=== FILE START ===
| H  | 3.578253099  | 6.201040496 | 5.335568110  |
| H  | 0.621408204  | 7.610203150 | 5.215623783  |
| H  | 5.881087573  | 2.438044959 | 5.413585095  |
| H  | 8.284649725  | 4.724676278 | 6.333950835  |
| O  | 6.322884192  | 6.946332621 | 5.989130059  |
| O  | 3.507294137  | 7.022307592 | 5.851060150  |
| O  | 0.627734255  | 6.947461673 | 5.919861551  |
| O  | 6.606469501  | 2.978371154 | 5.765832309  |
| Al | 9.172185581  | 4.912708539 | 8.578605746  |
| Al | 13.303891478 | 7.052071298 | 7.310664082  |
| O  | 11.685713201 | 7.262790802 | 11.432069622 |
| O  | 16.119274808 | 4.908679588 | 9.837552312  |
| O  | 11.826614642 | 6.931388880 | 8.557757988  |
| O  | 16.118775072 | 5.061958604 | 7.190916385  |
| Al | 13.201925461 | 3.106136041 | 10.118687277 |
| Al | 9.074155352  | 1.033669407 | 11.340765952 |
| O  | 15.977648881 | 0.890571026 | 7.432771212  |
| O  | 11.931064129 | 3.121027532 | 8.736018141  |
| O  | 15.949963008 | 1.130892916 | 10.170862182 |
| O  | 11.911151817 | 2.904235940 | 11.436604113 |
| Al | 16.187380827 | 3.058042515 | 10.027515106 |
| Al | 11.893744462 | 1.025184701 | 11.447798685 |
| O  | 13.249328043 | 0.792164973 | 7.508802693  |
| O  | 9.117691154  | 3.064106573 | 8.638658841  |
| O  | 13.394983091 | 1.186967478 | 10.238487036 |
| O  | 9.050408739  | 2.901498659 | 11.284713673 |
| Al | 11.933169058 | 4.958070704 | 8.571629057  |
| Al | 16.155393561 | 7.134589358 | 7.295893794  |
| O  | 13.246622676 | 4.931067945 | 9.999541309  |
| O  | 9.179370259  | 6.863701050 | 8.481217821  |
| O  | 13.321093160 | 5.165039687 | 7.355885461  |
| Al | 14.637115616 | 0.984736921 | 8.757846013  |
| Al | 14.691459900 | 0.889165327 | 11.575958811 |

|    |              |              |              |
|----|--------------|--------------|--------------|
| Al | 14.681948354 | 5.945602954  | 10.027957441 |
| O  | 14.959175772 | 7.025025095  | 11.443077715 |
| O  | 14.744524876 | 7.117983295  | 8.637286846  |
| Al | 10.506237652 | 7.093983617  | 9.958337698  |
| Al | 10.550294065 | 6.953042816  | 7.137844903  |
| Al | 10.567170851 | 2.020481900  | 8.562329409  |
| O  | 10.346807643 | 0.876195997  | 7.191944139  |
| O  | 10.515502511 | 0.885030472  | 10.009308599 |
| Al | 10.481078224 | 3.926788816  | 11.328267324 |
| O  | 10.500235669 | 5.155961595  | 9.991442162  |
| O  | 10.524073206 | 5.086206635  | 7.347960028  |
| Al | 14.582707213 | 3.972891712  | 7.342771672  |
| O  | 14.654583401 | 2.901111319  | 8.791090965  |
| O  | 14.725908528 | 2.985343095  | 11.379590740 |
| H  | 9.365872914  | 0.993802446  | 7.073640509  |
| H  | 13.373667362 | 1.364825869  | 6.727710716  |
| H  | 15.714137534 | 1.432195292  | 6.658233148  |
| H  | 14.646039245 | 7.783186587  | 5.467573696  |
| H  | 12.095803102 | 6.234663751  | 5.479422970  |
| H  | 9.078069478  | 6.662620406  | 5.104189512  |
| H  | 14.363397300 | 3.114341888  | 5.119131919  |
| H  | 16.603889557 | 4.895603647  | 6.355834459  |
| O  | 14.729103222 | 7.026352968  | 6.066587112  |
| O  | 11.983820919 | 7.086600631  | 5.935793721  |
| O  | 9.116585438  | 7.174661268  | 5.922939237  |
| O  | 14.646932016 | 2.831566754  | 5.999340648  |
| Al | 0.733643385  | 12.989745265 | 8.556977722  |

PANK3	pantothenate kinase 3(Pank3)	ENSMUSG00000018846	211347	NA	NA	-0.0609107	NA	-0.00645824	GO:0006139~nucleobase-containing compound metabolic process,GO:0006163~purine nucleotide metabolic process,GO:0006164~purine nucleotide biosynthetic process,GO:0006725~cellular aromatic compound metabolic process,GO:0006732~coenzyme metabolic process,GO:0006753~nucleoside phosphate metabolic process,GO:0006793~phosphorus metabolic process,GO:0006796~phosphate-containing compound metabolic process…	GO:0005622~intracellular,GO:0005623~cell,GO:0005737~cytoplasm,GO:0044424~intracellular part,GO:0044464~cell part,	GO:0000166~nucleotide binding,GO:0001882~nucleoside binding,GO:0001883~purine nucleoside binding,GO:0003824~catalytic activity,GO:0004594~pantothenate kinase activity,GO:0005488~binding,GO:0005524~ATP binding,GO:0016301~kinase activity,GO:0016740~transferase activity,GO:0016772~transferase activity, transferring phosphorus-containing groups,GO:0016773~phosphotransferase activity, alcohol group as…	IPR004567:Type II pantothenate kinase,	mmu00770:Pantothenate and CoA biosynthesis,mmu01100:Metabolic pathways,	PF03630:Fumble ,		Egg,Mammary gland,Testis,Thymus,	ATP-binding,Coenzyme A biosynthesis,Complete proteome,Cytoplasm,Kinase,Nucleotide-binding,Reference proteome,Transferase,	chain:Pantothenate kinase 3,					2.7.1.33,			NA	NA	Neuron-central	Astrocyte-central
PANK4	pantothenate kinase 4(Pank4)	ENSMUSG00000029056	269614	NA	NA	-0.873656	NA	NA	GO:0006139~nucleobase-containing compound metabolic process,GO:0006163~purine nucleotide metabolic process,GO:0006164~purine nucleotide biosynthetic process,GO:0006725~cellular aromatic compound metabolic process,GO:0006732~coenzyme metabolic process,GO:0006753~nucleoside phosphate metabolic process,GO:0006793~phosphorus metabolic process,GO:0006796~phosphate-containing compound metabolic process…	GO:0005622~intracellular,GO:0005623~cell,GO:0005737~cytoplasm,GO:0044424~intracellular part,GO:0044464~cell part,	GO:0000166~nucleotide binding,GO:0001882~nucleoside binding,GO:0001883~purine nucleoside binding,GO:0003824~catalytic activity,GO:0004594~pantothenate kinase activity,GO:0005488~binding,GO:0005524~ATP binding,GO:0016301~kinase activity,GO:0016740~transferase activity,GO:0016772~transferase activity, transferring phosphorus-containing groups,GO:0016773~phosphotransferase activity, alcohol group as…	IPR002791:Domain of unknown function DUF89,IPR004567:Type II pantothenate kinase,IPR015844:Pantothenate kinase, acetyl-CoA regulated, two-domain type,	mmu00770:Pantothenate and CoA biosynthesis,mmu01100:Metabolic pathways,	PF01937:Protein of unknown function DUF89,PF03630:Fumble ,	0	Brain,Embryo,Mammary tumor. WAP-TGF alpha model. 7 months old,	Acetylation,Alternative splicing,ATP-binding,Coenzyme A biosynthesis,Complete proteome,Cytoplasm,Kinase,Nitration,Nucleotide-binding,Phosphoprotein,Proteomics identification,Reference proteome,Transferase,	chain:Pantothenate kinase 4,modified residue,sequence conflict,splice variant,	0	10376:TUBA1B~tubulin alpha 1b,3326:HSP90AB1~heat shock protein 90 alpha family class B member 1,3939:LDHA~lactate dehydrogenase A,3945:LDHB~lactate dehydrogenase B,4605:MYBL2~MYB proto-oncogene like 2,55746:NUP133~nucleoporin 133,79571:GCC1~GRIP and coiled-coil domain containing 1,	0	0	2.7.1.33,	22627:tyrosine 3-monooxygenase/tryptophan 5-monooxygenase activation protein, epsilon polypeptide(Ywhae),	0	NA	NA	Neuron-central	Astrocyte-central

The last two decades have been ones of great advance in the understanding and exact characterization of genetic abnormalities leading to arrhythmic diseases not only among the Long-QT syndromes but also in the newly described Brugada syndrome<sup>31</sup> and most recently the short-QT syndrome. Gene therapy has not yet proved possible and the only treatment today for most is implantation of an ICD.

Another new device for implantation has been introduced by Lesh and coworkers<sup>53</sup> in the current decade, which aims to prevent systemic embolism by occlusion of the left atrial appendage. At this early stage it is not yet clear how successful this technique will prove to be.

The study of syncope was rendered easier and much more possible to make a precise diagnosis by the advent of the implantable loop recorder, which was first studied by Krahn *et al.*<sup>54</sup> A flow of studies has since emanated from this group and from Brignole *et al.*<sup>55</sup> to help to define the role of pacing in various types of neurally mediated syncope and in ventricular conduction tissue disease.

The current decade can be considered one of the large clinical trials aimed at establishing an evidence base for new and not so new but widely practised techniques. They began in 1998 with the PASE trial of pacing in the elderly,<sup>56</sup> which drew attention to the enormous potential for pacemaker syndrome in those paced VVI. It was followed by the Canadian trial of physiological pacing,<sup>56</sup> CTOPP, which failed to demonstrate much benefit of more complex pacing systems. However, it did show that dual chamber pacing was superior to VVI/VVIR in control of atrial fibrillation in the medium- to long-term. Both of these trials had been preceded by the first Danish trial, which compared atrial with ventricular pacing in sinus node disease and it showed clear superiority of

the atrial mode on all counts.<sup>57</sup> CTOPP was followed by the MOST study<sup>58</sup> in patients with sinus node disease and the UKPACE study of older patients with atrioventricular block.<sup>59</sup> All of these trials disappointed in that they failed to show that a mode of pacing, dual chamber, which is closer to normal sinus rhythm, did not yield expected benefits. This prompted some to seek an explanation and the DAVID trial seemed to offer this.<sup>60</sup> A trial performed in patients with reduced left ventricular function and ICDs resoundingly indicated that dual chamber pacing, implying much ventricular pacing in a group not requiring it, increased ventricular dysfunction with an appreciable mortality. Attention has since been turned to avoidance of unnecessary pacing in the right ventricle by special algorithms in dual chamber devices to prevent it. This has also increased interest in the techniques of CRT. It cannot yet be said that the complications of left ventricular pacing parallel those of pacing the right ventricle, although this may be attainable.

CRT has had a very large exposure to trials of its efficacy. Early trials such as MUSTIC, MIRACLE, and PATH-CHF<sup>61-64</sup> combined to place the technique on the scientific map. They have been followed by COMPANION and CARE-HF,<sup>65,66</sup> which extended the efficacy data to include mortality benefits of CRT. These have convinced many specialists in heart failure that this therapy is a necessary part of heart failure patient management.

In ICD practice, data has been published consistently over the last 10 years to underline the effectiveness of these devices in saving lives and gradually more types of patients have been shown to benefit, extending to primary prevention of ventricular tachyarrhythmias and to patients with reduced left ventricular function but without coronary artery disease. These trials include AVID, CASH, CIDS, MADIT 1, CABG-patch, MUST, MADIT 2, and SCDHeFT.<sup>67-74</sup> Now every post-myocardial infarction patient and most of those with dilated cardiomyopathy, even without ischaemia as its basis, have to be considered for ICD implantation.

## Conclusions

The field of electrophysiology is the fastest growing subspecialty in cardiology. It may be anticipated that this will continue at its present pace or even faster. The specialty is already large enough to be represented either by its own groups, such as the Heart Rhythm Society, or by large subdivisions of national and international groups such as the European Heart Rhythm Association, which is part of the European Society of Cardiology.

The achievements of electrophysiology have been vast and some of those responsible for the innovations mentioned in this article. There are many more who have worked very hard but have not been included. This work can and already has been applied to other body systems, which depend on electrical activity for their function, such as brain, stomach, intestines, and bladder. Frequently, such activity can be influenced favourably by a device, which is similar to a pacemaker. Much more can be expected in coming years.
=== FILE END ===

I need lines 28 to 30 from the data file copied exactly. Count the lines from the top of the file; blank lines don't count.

| Al | 16.155393561 | 7.134589358 | 7.295893794  |
| O  | 13.246622676 | 4.931067945 | 9.999541309  |
| O  | 9.179370259  | 6.863701050 | 8.481217821  |